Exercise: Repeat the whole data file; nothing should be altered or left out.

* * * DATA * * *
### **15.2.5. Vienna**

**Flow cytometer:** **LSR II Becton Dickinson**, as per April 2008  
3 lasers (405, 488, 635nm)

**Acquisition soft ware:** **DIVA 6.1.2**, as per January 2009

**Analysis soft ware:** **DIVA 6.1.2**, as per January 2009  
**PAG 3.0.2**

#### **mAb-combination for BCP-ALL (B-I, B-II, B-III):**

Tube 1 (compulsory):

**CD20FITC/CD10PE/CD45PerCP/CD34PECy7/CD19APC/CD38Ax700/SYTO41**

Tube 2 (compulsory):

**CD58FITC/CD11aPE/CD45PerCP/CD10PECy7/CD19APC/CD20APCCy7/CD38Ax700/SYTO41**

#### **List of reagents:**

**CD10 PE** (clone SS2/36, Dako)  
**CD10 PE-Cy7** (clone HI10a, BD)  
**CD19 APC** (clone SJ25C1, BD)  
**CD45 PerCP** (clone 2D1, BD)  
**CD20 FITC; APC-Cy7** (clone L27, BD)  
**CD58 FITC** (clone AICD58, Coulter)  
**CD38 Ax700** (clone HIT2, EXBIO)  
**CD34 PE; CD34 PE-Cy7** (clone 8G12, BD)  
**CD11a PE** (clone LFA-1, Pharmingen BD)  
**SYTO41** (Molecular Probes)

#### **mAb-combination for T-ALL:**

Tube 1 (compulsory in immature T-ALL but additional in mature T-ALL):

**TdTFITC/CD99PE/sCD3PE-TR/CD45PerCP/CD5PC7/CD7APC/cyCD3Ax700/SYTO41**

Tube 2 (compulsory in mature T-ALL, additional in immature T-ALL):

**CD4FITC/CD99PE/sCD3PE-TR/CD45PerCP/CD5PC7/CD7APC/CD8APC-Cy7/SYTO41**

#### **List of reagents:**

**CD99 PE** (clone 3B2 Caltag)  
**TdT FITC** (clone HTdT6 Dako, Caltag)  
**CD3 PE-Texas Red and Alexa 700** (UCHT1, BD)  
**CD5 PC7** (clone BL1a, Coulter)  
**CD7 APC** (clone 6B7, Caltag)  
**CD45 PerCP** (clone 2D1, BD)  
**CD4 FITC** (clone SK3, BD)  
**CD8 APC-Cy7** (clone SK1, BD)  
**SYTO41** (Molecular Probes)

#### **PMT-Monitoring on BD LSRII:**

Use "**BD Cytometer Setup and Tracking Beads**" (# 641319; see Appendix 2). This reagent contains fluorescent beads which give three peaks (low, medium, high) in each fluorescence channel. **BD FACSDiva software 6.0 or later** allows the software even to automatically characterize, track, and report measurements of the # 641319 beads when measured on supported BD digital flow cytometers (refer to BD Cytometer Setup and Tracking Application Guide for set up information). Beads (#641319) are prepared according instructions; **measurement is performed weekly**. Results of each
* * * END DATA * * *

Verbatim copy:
### **15.2.5. Vienna**

**Flow cytometer:** **LSR II Becton Dickinson**, as per April 2008  
3 lasers (405, 488, 635nm)

**Acquisition soft ware:** **DIVA 6.1.2**, as per January 2009

**Analysis soft ware:** **DIVA 6.1.2**, as per January 2009  
**PAG 3.0.2**

#### **mAb-combination for BCP-ALL (B-I, B-II, B-III):**

Tube 1 (compulsory):

**CD20FITC/CD10PE/CD45PerCP/CD34PECy7/CD19APC/CD38Ax700/SYTO41**

Tube 2 (compulsory):

**CD58FITC/CD11aPE/CD45PerCP/CD10PECy7/CD19APC/CD20APCCy7/CD38Ax700/SYTO41**

#### **List of reagents:**

**CD10 PE** (clone SS2/36, Dako)  
**CD10 PE-Cy7** (clone HI10a, BD)  
**CD19 APC** (clone SJ25C1, BD)  
**CD45 PerCP** (clone 2D1, BD)  
**CD20 FITC; APC-Cy7** (clone L27, BD)  
**CD58 FITC** (clone AICD58, Coulter)  
**CD38 Ax700** (clone HIT2, EXBIO)  
**CD34 PE; CD34 PE-Cy7** (clone 8G12, BD)  
**CD11a PE** (clone LFA-1, Pharmingen BD)  
**SYTO41** (Molecular Probes)

#### **mAb-combination for T-ALL:**

Tube 1 (compulsory in immature T-ALL but additional in mature T-ALL):

**TdTFITC/CD99PE/sCD3PE-TR/CD45PerCP/CD5PC7/CD7APC/cyCD3Ax700/SYTO41**

Tube 2 (compulsory in mature T-ALL, additional in immature T-ALL):

**CD4FITC/CD99PE/sCD3PE-TR/CD45PerCP/CD5PC7/CD7APC/CD8APC-Cy7/SYTO41**

#### **List of reagents:**

**CD99 PE** (clone 3B2 Caltag)  
**TdT FITC** (clone HTdT6 Dako, Caltag)  
**CD3 PE-Texas Red and Alexa 700** (UCHT1, BD)  
**CD5 PC7** (clone BL1a, Coulter)  
**CD7 APC** (clone 6B7, Caltag)  
**CD45 PerCP** (clone 2D1, BD)  
**CD4 FITC** (clone SK3, BD)  
**CD8 APC-Cy7** (clone SK1, BD)  
**SYTO41** (Molecular Probes)

#### **PMT-Monitoring on BD LSRII:**

Use "**BD Cytometer Setup and Tracking Beads**" (# 641319; see Appendix 2). This reagent contains fluorescent beads which give three peaks (low, medium, high) in each fluorescence channel. **BD FACSDiva software 6.0 or later** allows the software even to automatically characterize, track, and report measurements of the # 641319 beads when measured on supported BD digital flow cytometers (refer to BD Cytometer Setup and Tracking Application Guide for set up information). Beads (#641319) are prepared according instructions; **measurement is performed weekly**. Results of each